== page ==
LOS ANGELES – Higher rates of asthma and other health issues among LGBTQ people are adding to the unique mental and physical stresses the community faces during the COVID-19 pandemic.
The primary symptoms of the disease are respiratory. The Centers for Disease Control and Prevention recommends those with moderate to severe asthma take extra precautions, stating, “COVID-19 can affect your respiratory tract (nose, throat, lungs), cause an asthma attack, and possibly lead to pneumonia and acute respiratory disease.”
In 2018, according to a recent report by the Human Rights Campaign Foundation, 21 percent of the adult LGBTQ population in the United States had asthma, compared with 14 percent of the non-LGBTQ adult population. In addition, the report said, LGBTQ Americans also are much more likely to smoke every day.
Asthma and smoking may exacerbate symptoms of COVID-19, the CDC said.
“We don’t really know why there is a higher prevalence rate of asthma among LGBT people,” said Dr. Dona J. Upson, a pulmonologist who is a co-chair of the American Thoracic Society’s LGBTQ and Allies Interest Group.
The aim of the society, which was founded in 1905, is to advance research and improve public health regarding respiratory disease, sleep disorders and other critical illnesses. The Interest Group, which was formed in 2010, addresses the specific needs of the LGBTQ community, such as consistent access to care, the lack of which can be a challenge in detecting and treating COVID-19.
The CDC found that 22 percent of non-LGBTQ youth had asthma, compared with 29 percent of LGBTQ youth, according to a 2017 Youth Risk Behavior Surveillance report.
“We know that queer kids and adults experience much higher levels of stress than heterosexual youth in particular, and adults,” Upson said. “So, stress can be a factor. Asthma primarily is a disease of inflammation, and we know that stress causes inflammation.”
To combat these challenges and others, the Phoenix nonprofit one-n-ten is working to provide affected LGBTQ youth with access to online resources and emergency funding.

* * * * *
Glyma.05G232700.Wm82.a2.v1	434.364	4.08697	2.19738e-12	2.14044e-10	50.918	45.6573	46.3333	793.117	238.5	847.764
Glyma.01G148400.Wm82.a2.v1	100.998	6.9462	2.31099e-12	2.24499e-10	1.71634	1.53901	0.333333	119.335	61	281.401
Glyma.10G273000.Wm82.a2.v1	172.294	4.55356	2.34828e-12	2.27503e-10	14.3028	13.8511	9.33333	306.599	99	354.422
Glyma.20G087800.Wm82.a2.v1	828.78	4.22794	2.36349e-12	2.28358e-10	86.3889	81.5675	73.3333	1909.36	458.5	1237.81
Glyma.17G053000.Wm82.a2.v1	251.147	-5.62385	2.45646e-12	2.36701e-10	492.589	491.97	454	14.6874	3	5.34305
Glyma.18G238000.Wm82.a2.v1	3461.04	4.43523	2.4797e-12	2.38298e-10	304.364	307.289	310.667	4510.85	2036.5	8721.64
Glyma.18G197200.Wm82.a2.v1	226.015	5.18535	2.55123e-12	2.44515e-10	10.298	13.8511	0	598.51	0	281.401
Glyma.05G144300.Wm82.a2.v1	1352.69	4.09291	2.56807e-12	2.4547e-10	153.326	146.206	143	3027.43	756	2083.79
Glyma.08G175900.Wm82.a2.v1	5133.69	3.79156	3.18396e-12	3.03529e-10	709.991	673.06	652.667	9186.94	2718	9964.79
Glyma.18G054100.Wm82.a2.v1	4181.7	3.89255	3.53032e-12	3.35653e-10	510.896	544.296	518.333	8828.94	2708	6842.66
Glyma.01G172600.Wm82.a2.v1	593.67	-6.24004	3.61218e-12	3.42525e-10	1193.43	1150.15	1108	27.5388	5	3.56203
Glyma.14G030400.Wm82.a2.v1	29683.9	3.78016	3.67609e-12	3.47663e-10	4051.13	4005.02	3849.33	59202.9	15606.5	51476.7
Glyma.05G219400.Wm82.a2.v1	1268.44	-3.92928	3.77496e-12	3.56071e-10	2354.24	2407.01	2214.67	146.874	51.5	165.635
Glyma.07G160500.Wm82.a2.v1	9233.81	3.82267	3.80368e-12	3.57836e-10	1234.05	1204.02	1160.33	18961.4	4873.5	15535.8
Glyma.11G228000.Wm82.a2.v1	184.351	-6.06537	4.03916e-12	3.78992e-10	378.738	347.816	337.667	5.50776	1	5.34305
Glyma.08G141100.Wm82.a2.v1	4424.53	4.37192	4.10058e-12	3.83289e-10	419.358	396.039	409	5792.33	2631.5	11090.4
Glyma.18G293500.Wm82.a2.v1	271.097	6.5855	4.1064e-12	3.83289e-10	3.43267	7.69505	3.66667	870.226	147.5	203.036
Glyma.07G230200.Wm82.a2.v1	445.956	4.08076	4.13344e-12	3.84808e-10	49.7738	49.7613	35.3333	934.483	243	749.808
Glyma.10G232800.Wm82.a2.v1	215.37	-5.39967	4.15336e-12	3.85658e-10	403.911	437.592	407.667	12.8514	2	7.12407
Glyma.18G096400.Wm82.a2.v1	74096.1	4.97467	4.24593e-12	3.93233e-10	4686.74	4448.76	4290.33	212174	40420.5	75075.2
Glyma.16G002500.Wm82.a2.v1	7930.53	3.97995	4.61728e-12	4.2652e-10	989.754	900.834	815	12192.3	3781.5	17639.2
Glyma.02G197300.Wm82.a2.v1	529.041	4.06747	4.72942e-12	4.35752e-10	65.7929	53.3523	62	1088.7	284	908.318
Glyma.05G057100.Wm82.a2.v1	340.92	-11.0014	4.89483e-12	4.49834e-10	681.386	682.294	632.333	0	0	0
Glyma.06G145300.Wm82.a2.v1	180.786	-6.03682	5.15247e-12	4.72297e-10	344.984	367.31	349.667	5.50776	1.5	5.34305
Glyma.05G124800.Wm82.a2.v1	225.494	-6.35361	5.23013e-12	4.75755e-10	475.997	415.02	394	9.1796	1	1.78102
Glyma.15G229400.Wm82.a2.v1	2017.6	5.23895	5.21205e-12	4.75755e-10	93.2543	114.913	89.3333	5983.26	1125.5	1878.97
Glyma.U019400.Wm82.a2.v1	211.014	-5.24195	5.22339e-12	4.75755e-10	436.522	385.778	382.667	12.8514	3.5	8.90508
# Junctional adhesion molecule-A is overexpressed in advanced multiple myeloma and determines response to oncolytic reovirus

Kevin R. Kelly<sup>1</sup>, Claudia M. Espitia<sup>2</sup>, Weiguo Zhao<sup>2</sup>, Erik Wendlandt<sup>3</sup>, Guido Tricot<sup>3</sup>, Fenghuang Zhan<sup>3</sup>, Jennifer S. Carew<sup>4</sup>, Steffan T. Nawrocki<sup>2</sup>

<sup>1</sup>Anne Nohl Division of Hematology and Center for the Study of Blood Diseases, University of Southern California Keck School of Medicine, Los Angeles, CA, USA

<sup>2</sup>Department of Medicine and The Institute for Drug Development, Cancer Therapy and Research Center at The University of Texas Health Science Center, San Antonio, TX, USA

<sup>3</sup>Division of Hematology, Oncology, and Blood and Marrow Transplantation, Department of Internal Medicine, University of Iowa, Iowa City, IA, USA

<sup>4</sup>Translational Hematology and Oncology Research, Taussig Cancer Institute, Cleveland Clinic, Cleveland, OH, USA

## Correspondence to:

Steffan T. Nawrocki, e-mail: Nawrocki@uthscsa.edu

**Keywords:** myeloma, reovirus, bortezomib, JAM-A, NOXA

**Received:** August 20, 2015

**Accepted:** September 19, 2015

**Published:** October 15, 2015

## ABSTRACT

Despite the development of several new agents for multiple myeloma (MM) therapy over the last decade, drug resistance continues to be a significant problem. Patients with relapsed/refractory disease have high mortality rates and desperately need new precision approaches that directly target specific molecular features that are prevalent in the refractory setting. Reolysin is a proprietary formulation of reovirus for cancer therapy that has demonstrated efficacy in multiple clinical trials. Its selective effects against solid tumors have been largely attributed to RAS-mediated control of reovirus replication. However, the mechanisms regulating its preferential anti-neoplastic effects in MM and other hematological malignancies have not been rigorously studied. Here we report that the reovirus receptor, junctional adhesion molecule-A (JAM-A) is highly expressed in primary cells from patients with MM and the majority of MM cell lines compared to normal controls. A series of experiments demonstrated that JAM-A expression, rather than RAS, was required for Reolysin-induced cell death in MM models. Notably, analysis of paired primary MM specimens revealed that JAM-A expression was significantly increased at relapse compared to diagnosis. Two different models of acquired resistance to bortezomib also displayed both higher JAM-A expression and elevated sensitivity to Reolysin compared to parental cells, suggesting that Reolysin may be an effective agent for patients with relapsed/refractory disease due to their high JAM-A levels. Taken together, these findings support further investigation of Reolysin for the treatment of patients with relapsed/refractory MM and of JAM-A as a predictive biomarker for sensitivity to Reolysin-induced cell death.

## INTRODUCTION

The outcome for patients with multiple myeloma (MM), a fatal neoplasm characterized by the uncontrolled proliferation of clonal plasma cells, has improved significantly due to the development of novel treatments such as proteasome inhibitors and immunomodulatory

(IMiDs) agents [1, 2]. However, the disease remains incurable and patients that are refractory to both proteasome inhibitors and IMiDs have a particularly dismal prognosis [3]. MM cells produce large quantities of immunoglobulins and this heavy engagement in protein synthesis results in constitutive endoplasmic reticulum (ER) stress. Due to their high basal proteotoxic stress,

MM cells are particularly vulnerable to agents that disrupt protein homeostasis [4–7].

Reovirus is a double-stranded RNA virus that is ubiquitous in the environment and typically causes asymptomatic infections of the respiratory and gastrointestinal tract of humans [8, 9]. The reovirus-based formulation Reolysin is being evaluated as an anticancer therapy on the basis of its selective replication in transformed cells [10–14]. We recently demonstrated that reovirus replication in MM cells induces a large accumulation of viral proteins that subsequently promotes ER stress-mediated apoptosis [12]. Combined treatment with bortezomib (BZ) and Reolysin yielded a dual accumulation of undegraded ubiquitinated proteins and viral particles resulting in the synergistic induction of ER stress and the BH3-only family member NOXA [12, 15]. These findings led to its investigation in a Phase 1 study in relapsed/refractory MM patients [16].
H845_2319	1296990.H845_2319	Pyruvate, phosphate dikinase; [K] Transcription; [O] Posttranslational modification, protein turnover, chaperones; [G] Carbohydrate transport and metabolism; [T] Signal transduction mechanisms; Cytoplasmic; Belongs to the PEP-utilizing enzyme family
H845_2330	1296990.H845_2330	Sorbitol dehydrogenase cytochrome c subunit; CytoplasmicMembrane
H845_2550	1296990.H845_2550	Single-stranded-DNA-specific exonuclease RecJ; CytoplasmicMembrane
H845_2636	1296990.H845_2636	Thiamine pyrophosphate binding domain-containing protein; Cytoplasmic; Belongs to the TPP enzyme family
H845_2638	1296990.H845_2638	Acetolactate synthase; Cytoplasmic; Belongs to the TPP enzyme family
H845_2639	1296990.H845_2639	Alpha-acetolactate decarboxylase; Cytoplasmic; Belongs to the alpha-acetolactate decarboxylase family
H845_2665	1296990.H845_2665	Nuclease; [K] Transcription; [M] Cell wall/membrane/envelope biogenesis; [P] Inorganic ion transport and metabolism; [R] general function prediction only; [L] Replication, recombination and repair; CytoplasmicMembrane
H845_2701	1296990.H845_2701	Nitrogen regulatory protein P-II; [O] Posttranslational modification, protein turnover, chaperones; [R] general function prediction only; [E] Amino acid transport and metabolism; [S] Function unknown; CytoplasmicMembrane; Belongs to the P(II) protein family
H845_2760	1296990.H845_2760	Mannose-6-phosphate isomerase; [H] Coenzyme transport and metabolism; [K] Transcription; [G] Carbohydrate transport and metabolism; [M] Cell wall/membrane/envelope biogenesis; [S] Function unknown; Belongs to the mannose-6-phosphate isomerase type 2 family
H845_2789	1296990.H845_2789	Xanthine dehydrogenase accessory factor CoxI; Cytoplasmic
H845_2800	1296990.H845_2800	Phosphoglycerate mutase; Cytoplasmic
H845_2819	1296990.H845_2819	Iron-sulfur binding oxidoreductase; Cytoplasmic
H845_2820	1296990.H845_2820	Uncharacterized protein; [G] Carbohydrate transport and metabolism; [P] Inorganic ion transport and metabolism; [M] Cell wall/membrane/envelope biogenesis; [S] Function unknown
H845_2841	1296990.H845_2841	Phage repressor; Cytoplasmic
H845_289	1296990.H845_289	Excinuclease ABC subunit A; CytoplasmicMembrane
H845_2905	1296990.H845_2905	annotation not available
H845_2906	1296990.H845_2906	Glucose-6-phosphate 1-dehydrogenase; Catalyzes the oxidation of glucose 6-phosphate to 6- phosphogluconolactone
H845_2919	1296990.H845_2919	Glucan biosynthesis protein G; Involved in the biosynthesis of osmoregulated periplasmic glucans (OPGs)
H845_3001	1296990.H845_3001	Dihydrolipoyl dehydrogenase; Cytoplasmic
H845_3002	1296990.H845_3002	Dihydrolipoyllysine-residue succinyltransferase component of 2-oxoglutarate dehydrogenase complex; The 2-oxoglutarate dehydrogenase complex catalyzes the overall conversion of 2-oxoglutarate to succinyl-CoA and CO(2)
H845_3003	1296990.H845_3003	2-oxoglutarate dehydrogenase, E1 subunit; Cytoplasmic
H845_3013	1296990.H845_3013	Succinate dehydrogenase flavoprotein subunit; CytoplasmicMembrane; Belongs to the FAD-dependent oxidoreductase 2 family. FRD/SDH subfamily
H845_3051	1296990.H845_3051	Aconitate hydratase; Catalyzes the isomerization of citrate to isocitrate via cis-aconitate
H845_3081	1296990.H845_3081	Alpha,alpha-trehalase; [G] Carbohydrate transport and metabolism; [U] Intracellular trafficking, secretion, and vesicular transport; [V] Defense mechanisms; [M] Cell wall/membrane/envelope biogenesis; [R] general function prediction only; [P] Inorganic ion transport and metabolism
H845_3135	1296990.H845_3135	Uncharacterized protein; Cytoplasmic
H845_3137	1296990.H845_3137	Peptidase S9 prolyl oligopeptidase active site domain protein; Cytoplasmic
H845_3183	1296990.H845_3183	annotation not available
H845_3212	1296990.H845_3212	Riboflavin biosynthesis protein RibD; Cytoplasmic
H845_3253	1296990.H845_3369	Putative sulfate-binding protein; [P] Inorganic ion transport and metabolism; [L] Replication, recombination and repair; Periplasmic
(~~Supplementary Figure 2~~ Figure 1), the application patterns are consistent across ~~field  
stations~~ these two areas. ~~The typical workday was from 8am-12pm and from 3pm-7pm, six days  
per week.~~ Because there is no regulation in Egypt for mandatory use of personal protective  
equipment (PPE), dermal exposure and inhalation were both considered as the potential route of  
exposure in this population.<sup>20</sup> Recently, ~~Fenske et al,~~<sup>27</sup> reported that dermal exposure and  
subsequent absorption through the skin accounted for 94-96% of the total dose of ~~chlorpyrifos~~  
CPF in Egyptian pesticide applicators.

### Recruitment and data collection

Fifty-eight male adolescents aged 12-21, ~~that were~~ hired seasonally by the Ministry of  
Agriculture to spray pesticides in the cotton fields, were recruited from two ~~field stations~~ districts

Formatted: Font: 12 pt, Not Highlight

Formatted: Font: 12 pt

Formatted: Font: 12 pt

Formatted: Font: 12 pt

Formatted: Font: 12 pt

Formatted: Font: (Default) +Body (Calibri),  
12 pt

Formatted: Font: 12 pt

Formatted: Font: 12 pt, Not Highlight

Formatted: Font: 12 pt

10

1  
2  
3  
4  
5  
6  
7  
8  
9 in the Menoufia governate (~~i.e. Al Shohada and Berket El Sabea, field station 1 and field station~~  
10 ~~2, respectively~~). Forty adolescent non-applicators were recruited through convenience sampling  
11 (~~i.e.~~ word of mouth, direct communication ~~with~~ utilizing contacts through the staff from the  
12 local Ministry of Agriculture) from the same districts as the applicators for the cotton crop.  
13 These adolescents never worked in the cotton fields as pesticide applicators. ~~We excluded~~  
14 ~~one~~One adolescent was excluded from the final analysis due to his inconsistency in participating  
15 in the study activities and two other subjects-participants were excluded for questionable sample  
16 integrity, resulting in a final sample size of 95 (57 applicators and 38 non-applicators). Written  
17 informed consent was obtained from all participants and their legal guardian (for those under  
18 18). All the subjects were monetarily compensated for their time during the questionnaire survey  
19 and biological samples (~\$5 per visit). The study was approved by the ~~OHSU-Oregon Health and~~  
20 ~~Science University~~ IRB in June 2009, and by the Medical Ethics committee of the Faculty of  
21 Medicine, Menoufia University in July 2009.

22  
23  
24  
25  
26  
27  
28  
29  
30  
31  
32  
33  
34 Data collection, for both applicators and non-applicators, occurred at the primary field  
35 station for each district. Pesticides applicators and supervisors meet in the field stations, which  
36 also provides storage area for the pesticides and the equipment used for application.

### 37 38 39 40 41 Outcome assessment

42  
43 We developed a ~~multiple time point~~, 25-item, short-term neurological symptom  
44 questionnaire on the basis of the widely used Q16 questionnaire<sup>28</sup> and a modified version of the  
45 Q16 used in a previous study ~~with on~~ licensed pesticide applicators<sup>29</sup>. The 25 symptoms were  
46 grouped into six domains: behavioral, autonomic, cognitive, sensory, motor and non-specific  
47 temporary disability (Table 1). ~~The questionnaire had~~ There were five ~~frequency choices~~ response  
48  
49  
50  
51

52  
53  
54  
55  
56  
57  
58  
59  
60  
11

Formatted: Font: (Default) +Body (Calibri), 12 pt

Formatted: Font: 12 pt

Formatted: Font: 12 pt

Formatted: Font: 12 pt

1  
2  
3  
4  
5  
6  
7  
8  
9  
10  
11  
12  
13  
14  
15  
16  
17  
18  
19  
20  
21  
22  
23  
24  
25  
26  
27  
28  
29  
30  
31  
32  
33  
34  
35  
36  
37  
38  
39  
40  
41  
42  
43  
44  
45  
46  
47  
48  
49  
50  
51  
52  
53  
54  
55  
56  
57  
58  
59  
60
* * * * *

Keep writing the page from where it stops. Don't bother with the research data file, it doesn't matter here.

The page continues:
“When you’re going through something like this, and it’s the first time in your life that you’ve lost your job, and you don’t have a supportive family, the level of anxiety is through the roof and real,” said Nate Rhoton, executive director of one-n-ten.
“We all have experienced anxiety going through this, but imagine if you didn’t have any sort of a support network and you really felt alone.”
In addition to challenges to their physical health, LGBTQ youth may be particularly vulnerable to negative mental health impacts associated with the COVID-19 pandemic, according to an April report from the nonprofit Trevor Project, which provides crisis intervention and suicide prevention for LGBTQ youngsters.
“Even prior to the pandemic, LGBTQ youth have been found to be at significant increased risk for depression, anxiety, substance use and suicidality. These risks are even more pronounced among youth who are transgender and/or nonbinary,” the report said.
Across the country, Pride festivals and parades have been canceled or postponed from the traditional dates in June. Phoenix Pride, which is held in April, was rescheduled for November, while the LA Pride Festival and Parade has been moved online. Pride events can be a source of solidarity and support for the LGBTQ community, especially for LGBTQ youth.